Mari Lowe Center for Comparative Oncology Research

3800 Spruce Street, Philadelphia, PA 19104

Translational research at Penn Vet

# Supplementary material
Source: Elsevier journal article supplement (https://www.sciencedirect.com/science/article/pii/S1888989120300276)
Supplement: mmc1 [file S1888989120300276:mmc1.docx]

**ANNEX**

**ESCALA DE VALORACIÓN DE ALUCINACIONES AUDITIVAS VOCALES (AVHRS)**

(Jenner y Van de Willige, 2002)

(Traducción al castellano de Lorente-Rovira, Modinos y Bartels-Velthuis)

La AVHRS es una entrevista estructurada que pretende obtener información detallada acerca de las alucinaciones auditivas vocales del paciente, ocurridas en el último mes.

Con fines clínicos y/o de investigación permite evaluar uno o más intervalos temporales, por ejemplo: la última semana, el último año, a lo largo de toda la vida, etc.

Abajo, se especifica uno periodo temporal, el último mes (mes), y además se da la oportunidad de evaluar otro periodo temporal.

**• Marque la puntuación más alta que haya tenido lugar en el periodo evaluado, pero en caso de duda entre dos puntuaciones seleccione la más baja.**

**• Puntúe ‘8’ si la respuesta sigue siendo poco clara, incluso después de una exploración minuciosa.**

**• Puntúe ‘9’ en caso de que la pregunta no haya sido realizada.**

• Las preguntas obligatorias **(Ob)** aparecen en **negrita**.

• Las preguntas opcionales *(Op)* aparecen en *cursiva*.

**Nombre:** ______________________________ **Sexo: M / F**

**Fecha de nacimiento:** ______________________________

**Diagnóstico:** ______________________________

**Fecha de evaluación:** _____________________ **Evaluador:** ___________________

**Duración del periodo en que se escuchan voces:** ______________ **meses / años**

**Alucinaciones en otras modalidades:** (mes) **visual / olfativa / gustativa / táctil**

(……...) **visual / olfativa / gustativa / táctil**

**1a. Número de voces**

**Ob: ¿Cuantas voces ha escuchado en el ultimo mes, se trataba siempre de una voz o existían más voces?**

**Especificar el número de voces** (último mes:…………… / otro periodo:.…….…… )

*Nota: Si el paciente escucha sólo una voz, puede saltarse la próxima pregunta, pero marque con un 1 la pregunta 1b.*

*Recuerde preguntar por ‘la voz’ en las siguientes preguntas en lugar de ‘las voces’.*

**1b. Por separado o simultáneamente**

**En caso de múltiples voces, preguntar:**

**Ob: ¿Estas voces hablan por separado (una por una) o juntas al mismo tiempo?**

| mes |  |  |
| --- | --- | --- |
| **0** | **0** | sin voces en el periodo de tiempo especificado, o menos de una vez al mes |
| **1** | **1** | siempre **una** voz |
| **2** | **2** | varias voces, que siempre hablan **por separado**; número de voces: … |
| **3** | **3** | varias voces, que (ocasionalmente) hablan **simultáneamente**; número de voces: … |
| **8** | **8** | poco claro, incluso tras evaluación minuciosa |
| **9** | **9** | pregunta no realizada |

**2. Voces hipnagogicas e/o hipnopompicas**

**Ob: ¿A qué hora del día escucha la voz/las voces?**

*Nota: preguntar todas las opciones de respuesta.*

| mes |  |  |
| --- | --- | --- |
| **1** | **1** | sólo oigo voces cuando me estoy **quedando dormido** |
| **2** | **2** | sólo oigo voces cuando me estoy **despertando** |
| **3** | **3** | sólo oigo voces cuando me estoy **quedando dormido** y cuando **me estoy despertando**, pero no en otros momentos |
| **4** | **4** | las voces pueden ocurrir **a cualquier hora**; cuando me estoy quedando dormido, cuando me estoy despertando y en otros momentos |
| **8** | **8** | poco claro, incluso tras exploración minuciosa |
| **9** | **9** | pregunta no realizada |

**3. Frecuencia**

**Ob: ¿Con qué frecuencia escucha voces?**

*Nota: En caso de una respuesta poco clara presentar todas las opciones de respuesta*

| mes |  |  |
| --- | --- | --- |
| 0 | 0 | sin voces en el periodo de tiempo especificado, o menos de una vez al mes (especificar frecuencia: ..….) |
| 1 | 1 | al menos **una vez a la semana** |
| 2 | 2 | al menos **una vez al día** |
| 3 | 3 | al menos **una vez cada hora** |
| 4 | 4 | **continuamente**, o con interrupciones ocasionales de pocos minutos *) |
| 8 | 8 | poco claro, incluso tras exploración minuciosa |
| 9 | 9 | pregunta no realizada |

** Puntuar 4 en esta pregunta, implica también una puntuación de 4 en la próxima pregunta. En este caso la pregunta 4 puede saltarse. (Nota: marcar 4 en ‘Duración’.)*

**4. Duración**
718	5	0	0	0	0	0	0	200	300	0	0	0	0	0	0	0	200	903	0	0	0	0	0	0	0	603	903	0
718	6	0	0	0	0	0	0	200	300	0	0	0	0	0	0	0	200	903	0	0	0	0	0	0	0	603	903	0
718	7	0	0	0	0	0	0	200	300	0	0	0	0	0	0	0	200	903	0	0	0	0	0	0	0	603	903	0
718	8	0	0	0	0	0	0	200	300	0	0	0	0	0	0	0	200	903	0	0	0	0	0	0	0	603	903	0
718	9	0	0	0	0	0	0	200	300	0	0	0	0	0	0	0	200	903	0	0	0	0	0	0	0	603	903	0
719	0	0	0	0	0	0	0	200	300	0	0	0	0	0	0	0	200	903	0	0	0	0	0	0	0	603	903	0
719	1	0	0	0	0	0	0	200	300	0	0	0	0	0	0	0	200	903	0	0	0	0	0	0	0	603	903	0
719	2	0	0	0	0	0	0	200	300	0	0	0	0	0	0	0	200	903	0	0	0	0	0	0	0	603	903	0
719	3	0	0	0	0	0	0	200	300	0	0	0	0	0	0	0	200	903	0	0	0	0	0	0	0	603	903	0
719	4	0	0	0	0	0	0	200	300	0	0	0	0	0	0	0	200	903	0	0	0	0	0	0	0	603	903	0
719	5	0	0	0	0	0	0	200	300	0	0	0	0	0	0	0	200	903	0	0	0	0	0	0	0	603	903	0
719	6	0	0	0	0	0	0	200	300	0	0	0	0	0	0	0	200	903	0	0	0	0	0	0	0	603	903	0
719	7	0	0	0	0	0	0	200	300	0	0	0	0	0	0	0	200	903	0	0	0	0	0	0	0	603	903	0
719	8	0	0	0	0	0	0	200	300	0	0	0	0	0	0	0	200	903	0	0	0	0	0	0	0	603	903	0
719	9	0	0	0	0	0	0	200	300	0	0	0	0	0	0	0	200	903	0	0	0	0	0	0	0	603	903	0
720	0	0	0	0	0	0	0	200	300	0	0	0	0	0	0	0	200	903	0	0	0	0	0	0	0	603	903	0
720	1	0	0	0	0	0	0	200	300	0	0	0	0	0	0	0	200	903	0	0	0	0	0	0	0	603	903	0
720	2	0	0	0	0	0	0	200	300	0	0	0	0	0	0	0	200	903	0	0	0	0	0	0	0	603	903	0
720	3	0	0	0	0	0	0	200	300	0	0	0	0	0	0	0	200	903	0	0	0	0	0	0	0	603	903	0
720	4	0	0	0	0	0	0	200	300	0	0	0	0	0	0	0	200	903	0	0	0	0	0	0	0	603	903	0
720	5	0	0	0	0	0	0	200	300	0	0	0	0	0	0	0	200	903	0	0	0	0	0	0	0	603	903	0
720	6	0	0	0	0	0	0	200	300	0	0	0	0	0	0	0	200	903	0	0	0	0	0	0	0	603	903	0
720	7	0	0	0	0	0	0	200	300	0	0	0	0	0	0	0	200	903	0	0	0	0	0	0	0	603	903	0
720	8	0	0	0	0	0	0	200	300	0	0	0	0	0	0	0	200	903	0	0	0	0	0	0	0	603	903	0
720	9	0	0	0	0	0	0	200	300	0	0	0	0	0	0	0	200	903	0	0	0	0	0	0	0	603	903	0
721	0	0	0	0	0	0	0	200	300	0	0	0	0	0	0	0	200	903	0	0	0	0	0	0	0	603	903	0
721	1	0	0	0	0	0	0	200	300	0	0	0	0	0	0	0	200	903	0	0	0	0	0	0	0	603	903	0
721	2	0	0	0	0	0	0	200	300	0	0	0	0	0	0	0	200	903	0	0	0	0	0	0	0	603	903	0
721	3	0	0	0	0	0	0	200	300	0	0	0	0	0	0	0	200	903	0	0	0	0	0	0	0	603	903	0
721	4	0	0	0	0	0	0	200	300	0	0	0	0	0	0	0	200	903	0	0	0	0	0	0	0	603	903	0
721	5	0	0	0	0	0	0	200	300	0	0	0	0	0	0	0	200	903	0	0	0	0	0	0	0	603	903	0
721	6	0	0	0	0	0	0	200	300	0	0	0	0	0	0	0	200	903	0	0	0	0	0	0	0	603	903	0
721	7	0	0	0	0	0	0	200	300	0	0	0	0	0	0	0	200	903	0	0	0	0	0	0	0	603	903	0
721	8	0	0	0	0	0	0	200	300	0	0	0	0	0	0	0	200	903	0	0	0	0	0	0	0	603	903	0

The high-quality draft genome sequence of the dog has revealed its close phylogenetic relationship with man, emphasizing the potential benefit of studying dogs with naturally occurring diseases in identifying disease genes and evaluating response to novel therapies that will be of benefit to human and veterinary medicine alike. Nowhere is this more evident than in the field of cancer research. Many spontaneous tumors that arise in genetically outbred pet dogs mimic the biologic and behavioral characteristics of those that occur in man including pulmonary carcinoma, mammary carcinoma, osteosarcoma, malignant melanoma and lymphoma. Furthermore, pet dogs are subject to the same environmental influences on tumor initiation and progression as their human counterparts and most importantly, present with spontaneous malignancies that as in man have already evaded immune recognition or have actively suppressed anti-tumor immune responses. Thus the evaluation of novel therapeutics to fight spontaneously occurring cancer in pet dogs is likely to provide an accurate reflection of the clinical efficacy of these therapies that may then be employed on a large scale to treat both human and canine cancer patients alike. Researchers at PennVet are actively translating basic scientific discoveries in the field of canine cancer into therapies that are being evaluated in clinical trials aimed at advancing both human and canine cancer therapy.